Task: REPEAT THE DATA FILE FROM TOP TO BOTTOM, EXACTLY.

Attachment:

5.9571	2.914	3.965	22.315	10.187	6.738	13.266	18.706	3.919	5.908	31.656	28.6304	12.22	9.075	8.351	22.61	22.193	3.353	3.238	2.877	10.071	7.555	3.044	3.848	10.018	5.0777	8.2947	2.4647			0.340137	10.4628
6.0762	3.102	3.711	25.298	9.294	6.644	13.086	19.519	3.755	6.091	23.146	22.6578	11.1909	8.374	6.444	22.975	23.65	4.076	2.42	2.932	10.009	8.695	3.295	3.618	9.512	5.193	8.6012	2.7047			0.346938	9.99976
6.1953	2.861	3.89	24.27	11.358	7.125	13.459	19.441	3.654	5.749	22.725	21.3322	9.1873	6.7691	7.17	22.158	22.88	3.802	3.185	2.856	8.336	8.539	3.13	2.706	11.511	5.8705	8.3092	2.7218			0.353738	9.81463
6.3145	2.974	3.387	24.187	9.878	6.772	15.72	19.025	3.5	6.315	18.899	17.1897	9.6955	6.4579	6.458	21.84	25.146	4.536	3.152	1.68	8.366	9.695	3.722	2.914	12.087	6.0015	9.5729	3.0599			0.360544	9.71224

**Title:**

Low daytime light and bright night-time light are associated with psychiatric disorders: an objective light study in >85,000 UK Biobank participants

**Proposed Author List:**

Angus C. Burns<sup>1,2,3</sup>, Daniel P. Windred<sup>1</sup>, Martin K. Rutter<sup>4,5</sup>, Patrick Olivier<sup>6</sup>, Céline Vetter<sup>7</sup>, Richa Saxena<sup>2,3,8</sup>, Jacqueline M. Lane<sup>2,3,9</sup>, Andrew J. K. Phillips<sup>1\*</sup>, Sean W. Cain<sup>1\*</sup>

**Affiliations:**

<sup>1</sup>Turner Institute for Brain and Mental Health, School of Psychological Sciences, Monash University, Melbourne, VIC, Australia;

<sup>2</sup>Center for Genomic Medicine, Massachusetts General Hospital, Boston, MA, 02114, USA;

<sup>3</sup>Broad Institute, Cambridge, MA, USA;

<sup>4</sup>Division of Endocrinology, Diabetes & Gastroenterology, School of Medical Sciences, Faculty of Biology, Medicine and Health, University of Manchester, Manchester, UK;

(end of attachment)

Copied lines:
5.9571	2.914	3.965	22.315	10.187	6.738	13.266	18.706	3.919	5.908	31.656	28.6304	12.22	9.075	8.351	22.61	22.193	3.353	3.238	2.877	10.071	7.555	3.044	3.848	10.018	5.0777	8.2947	2.4647			0.340137	10.4628
6.0762	3.102	3.711	25.298	9.294	6.644	13.086	19.519	3.755	6.091	23.146	22.6578	11.1909	8.374	6.444	22.975	23.65	4.076	2.42	2.932	10.009	8.695	3.295	3.618	9.512	5.193	8.6012	2.7047			0.346938	9.99976
6.1953	2.861	3.89	24.27	11.358	7.125	13.459	19.441	3.654	5.749	22.725	21.3322	9.1873	6.7691	7.17	22.158	22.88	3.802	3.185	2.856	8.336	8.539	3.13	2.706	11.511	5.8705	8.3092	2.7218			0.353738	9.81463
6.3145	2.974	3.387	24.187	9.878	6.772	15.72	19.025	3.5	6.315	18.899	17.1897	9.6955	6.4579	6.458	21.84	25.146	4.536	3.152	1.68	8.366	9.695	3.722	2.914	12.087	6.0015	9.5729	3.0599			0.360544	9.71224

**Title:**

Low daytime light and bright night-time light are associated with psychiatric disorders: an objective light study in >85,000 UK Biobank participants

**Proposed Author List:**

Angus C. Burns<sup>1,2,3</sup>, Daniel P. Windred<sup>1</sup>, Martin K. Rutter<sup>4,5</sup>, Patrick Olivier<sup>6</sup>, Céline Vetter<sup>7</sup>, Richa Saxena<sup>2,3,8</sup>, Jacqueline M. Lane<sup>2,3,9</sup>, Andrew J. K. Phillips<sup>1\*</sup>, Sean W. Cain<sup>1\*</sup>

**Affiliations:**

<sup>1</sup>Turner Institute for Brain and Mental Health, School of Psychological Sciences, Monash University, Melbourne, VIC, Australia;

<sup>2</sup>Center for Genomic Medicine, Massachusetts General Hospital, Boston, MA, 02114, USA;

<sup>3</sup>Broad Institute, Cambridge, MA, USA;

<sup>4</sup>Division of Endocrinology, Diabetes & Gastroenterology, School of Medical Sciences, Faculty of Biology, Medicine and Health, University of Manchester, Manchester, UK;